No Guarantee

I knew what troubled me before the viva. I couldn’t explain the background of a particular chapter in my thesis. I understood the results perfectly. I didn’t understand the set-up. I tried to avoid thinking about it.

Methodology, results, conclusions, longevity of research – there are lots of areas that set people on edge, lots of directions tricky questions can come from. I don’t have a silver bullet to solve this problem. The only thing I can think of is practice: find opportunities to practise answering tricky questions. It’s not a plan with a guarantee. It doesn’t mean that you’ll answer questions perfectly. You will answer them better and I think you’ll have less anxiety.

What kinds of questions do you feel you might struggle with in the viva? What can you do to answer them well?

As I said, I knew what troubled me before the viva and I tried to avoid thinking about it. That’s not a winning strategy.

Examiner Profiles

You can ask your supervisors for guidance. You can talk to colleagues about your ideas. You can even ask your non-PhD friends for help. You can’t ask your examiners anything before the viva, but you can do some work to get insight and feel confident about answering their questions.

Follow this seven step process for each of your examiners to get a sense of where they might be coming from:

  1. What papers have they recently published?
  2. Are there any themes, topics or ideas that they are consistently exploring?
  3. How does their research connect with your thesis?
  4. What are their declared research interests (on their staff page)?
  5. How do their research interests overlap with yours?
  6. What do you know about their reputation?
  7. How could their opinions help you?

Work your way through these questions for each of your examiners, either researching to find out information (like their papers or interests) or reflecting to see what it means for you. The last question is important particularly if you’re working towards an academic career. Your examiners will be part of a small group of people who have read all of your work. Their opinion could give you a helpful steer or fantastic idea.

You can’t ask them for help before the viva, but that doesn’t mean you can’t find some help from them anyway.

SWOTting Up

SWOT is a neat thinking tool: rather than just throw ideas around to try to unpick a problem or situation it uses words to direct attention. As an acronym it stands for Strengths, Weaknesses, Opportunities and Threats. For example, if you had an idea for writing a book and wanted to analyse it you might think about the following:

  • Strengths: what resources do you have? What knowledge can you pass on?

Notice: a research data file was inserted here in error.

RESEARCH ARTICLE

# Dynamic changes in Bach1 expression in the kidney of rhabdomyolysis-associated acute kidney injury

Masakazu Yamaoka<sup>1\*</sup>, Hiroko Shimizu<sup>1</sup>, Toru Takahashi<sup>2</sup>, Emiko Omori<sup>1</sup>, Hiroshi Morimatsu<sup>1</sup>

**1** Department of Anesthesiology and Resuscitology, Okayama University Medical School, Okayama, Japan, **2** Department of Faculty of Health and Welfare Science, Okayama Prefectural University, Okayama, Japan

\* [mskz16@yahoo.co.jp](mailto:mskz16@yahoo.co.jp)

• Weaknesses: what will you struggle with in the writing? What is difficult to share?
  • Opportunities: can you use the same material for something else? What doors might it open?
  • Threats: why might this not work? Is there a potential downside by doing it?

I love tools based around framing words and SWOT is a really flexible tool. It works well for reviewing a PhD thesis during viva preparation too:

  • Strengths: what are the highlights of the thesis? What might others find valuable?
  • Weaknesses: what parts are difficult to explain? What are the limitations of what you’ve done?
  • Opportunities: how might you extend your work? What can you do now?
  • Threats: how might someone criticise what you’ve done? Are there any potential problems?

What else can you do to look at your thesis a little bit differently?

Whys

My daughter will be four in the autumn. For some time now, “Why?” has been the most-uttered expression in and out of our house. Why is the sky blue, why did you say that, why are we having pasta for dinner, why can’t I go in the garden if it’s raining, why why why… It can make you a little crazy some time, but it’s how kids make sense of things.

For similar reasons, “why?” is also one of the most useful questions you can ask yourself before and during the viva. Come across something you don’t understand? Why? Is a sentence a bit vague in your thesis? Why? Question from your examiner not making sense? Why?

Even if your examiner disagrees with you, the best thing you can do to start discussing the topic with them is ask: why?

Four Questions For Your Supervisors

First, far in advance of submission, who would be good choices for examiners? Get their feedback, be a part of the discussion. Ultimately your supervisors will get to nominate.

Second, after the hustle and bustle of submission is done, what would they say is the most problematic part of your research? It won’t be anything that is wrong, and it might not be anything controversial, just something that needs a little extra thought.

Third, and once you’ve thought about it for yourself, what do they think are the strongest results or outcomes of your research? They will see everything you’ve done, but will have a slightly different perspective and that’s useful to know.

Finally, when the dust has settled and your viva is done, what can you do better now? There will be a lot of ways that you have grown during your PhD, but it can be difficult for you to spot them day-to-day.

What else might it be good to ask? Have a think, see where your ideas take you.